Michael's memorial, newyorkinsiderguideWhen the dust of the 9/11 tragedy literally settled, the need for a memorial to its victims became apparent and a competition was announced. Michael wanted to participate by creating a symbol for the experience of the night vigils that had comforted him.

However, his decision to enter the competition turned out to be audacious because, as a municipal employee, he had no team or partner for professional support. Nevertheless, his submission so moved the selection committee that, in spite of his lack of back-up organization, they declared him winner from among the 5,200 entrants from 63 countries.

Waterfalls, reflecting pool and the Void, gizmoweb.orgPrior to WW2, commemorative monuments celebrated victory and glorified war. They focused on traits such as valor, fortitude, patriotism, and gratitude to fallen soldiers. However, in the post WW2 era, the expressive nature of such memorials changed.

After 1948, the void, created in the lives of those that did not perish, became the artistic focus of many public tributes. For example, the Viet Nam Memorial in Washington D.C and the Holocaust Memorial in Berlin, are stark, minimalist forms that evoke the emptiness and emotional numbness of those that survived to remember.

Close up of the waterfalls , 911memeorial.orgMichael’s monument echoes that contemporary sentiment as well. His is.....a starkly simple tribute consisting of a pair of square reflecting pools that evoke the footprints of the Twin Towers. Trees, arranged in informal clusters, clearings and groves, form the serene backdrop for the recessed pools, which are defined by a cascade of water. Ramps lead to the underground memorial space.

According to Michael, “As they descend, visitors are removed from the sights and sounds of the city and are immersed in cool darkness...

As they proceed, the sound of water falling grows louder and more daylight filters in from below....

At the bottom, they find themselves behind a curtain of water, staring out at an enormous pool, which is surrounded by a continuous ribbon of names....

The enormity of the space and the multitude of names that form this endless ribbon underscore the vast scope of the destruction".

The waterfalls symbolize a continuous sense of absence...Time moves forward but the absence is persistent...

A view from among the trees, dinainfo.comMichael’s original submission called for only a handful of trees while the surrounding public spaces were to be left barren. That stark emptiness created such an uneasy feeling among the committee members that they asked Michael to add landscaping to soften its emotional impact.

For that important project, Michael reached out to Californian landscape architect, Peter Walker, who filled the emptiness of the eight-acre memorial site with over 400, identical-looking and same-sized, White Swamp Oak trees. These were planted in an “abacus bead” alignment, i.e. orderly rows when viewed along an east-west axis but naturally randomized when seen from north to south.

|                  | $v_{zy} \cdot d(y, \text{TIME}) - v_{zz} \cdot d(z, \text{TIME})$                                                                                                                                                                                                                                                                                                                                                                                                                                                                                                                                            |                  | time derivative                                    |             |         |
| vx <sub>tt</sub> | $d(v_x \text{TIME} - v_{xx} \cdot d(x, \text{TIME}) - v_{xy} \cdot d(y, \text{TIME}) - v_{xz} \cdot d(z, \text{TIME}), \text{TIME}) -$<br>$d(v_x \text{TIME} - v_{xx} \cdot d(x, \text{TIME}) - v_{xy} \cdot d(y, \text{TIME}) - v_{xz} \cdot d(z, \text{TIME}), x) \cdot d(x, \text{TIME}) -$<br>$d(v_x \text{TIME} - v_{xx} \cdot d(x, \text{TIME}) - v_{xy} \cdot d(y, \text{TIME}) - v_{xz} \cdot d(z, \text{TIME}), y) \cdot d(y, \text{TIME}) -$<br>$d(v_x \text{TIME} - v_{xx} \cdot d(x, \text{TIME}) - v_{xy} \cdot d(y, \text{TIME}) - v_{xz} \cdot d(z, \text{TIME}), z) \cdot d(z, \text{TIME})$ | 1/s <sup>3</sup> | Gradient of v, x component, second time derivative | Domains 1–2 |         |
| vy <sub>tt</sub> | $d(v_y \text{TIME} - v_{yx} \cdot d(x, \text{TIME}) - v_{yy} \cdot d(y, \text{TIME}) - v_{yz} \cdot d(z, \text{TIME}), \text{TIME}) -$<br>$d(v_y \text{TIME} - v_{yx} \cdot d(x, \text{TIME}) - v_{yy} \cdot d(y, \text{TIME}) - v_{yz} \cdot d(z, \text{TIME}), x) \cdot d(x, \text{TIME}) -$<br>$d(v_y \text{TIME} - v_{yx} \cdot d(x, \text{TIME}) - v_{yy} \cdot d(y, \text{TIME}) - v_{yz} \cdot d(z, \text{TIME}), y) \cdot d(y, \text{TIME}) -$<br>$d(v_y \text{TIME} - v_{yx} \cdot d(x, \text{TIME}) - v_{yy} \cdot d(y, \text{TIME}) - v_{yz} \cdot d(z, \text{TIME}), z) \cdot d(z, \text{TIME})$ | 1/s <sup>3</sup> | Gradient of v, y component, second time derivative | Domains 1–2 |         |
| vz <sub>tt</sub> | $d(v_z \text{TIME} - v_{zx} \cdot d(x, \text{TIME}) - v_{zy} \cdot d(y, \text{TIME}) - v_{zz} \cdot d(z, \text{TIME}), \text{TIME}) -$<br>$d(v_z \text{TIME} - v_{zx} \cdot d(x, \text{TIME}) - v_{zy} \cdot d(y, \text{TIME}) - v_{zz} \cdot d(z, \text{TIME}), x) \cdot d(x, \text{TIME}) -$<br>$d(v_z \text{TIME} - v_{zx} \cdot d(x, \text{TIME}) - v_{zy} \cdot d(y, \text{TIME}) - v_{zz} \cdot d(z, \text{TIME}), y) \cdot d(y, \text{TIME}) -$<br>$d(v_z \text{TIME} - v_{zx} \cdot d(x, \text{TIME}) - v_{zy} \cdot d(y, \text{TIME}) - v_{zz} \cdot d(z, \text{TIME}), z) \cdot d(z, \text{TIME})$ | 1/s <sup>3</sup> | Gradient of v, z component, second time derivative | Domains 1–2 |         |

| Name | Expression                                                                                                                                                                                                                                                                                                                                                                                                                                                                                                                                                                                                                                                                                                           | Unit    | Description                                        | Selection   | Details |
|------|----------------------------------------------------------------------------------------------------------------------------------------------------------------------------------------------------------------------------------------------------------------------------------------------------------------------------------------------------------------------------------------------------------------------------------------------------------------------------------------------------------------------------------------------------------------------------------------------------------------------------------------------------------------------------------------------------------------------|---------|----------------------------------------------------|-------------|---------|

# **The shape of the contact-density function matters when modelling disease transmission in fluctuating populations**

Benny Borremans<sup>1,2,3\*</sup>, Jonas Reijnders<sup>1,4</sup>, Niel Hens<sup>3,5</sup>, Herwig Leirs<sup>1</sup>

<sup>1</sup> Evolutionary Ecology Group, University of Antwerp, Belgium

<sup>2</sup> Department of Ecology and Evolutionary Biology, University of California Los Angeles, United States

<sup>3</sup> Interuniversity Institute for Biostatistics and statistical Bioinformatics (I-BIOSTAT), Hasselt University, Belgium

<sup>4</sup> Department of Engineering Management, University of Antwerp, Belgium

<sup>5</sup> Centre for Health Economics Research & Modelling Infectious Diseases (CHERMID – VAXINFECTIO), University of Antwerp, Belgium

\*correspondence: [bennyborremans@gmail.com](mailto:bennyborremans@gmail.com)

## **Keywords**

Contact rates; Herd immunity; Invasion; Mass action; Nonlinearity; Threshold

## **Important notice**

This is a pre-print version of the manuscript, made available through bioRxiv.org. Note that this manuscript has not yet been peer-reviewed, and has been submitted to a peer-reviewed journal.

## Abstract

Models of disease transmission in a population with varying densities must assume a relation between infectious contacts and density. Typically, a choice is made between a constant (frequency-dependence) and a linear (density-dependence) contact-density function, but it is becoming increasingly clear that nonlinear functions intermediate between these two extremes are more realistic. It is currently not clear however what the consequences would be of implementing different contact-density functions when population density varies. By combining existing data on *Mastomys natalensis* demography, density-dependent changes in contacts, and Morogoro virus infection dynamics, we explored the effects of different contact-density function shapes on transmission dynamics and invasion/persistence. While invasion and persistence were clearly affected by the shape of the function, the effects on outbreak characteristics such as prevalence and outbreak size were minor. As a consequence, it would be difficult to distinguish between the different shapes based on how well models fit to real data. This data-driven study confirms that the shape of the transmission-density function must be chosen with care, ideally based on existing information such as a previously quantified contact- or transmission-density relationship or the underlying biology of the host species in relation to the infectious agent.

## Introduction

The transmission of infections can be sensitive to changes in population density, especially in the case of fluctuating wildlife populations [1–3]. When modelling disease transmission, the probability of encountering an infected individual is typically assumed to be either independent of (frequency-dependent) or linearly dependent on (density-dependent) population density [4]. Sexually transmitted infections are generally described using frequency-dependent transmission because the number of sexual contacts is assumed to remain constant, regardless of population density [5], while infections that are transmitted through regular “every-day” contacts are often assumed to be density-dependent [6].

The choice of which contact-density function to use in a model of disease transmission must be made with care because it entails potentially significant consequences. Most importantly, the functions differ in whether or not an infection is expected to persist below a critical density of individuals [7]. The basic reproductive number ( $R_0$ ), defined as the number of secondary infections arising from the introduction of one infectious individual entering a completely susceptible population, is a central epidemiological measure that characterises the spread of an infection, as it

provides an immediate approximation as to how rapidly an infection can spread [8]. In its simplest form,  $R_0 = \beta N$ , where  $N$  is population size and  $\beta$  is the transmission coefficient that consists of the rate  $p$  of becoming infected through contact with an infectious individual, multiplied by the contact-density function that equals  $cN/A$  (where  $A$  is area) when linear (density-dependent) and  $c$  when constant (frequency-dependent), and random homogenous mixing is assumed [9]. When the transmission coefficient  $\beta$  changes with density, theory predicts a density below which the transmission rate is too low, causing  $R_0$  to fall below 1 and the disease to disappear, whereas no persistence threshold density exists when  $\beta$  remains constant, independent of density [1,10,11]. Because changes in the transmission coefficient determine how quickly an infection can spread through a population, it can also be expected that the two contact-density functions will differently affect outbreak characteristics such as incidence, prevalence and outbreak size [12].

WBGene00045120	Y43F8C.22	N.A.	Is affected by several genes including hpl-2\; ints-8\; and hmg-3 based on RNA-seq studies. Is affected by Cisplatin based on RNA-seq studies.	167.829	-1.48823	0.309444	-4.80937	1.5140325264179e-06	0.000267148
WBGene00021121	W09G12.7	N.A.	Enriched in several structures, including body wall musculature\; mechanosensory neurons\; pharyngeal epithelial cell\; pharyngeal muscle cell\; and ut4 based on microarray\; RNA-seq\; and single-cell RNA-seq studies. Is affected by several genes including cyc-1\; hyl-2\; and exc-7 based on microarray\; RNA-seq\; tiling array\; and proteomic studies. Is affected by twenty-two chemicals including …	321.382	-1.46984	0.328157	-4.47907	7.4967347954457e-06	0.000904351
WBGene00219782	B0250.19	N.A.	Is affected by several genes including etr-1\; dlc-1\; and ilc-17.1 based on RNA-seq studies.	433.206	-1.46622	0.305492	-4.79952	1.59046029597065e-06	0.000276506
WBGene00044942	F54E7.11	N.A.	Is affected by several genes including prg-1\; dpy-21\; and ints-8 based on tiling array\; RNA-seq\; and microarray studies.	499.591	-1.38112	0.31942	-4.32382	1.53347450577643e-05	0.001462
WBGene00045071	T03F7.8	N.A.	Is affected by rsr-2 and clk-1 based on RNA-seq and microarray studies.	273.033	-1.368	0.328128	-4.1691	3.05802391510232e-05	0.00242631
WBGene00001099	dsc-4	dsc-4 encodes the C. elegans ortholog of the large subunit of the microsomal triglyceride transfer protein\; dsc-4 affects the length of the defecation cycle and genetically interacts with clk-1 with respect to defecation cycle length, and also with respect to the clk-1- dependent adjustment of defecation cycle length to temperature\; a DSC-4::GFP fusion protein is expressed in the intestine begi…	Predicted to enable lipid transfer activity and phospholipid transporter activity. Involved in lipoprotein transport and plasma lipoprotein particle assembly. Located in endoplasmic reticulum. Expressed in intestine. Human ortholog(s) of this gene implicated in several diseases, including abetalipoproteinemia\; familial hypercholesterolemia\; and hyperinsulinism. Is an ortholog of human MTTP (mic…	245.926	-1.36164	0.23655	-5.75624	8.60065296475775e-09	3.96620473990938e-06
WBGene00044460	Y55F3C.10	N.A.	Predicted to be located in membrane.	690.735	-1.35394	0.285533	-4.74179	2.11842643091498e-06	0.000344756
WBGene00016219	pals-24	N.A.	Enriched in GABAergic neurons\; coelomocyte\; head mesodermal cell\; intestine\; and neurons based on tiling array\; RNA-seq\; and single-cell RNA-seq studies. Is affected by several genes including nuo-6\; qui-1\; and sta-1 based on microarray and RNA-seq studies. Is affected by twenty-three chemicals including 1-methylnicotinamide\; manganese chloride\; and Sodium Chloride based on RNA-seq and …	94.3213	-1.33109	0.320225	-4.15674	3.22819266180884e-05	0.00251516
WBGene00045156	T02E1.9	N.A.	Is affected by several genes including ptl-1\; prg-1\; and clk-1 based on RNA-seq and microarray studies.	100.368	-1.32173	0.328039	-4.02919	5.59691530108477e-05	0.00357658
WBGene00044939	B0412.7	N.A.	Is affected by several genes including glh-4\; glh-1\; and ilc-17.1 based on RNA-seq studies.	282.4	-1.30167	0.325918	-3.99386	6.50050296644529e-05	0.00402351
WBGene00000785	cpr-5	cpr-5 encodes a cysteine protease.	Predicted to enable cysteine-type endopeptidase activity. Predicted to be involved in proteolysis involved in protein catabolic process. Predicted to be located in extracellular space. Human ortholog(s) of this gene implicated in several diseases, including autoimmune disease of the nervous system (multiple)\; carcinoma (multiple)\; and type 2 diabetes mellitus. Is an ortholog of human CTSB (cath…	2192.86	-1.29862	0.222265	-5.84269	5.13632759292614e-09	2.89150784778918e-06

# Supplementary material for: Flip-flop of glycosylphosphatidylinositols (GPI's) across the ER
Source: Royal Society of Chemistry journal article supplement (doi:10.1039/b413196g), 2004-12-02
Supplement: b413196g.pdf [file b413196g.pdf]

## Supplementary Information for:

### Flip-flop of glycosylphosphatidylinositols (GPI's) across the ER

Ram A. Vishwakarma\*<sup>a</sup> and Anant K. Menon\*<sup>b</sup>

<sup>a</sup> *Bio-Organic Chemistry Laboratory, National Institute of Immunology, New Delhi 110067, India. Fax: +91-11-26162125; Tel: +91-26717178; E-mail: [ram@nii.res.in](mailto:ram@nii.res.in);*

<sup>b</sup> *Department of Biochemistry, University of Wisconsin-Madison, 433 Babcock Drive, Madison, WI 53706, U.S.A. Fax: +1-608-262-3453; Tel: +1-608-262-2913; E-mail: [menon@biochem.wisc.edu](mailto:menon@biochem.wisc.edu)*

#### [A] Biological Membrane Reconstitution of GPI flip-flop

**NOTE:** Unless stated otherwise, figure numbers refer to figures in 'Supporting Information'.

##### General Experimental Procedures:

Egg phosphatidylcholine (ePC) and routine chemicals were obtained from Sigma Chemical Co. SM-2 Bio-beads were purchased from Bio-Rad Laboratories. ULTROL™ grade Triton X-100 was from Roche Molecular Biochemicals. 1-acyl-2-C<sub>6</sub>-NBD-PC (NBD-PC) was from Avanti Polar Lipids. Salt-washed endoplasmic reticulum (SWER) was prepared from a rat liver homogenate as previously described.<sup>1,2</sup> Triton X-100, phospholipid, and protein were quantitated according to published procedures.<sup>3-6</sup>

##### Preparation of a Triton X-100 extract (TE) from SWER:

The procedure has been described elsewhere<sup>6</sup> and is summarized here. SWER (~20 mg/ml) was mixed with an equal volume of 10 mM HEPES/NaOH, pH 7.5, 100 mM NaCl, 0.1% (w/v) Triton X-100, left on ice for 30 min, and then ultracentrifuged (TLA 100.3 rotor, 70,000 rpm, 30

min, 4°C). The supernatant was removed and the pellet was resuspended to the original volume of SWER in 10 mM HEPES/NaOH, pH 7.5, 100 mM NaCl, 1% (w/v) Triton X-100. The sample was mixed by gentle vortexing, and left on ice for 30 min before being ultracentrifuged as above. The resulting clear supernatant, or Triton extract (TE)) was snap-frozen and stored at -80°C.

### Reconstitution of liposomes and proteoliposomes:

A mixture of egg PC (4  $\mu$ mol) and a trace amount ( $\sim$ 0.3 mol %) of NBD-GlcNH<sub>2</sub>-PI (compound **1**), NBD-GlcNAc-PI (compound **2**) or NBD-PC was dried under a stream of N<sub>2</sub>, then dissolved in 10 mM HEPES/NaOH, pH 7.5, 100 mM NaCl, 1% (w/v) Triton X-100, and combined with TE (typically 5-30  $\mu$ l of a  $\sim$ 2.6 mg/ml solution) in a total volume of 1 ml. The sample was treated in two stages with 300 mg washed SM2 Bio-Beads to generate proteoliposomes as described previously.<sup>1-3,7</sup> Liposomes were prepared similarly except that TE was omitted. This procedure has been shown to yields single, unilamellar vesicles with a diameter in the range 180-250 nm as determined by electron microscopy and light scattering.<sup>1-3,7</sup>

"These trees have been grown with the most intensive tree growing in the history of the world by Bartlett Tree Experts who will continue to care for them for at least two additional years. Because urban growing conditions can be detrimental to some plants, each tree has a GPS system to monitor the tree's health, care and size. Staffers can follow every tree as it is planted at the memorial and keep following it to see if it develops any issues".

Bartlett Tree Experts have created a beautiful and moving video of their participation in this project. Click on the link to view at

White Swamp oak leaf, duke.eduThe oak tree is the national tree of the U.S.A, while the White Swap variety represent the five states where most 9/11 victims resided. Not only do the trees add a symbol of renewal and re- growth but also when they reach a mature height of 60 feet, their crowns will inter mesh to create a dense natural canopy over the entire plaza. Then, only the powerful, symbolic voids will receive uninterrupted light from the sky. Even though they are continuously being fed with water, these voids will always remain empty.

A close-up of the reflecting pool, coolgreenmag.comThe site, known as Ground Zero, opened to the public in September 2011. Its creator, Michael Arad, once an unconnected newcomer, but now integrated into New York City life - and once again, a practicing architect - aptly named his memorial meeting- place, Reflecting Absence.

Research sources for this post

Ground Zero Tribute, Gardens Illustrated, Issue 178, page 91

Michael Arad by Nancy A. Ruhing at

The Architects Newspaper

The Breaking of Michael Arad, by Joe Hagan, New York Magazine, May 16, 2006


The Gardens on "The High Line" and the Power of Nature.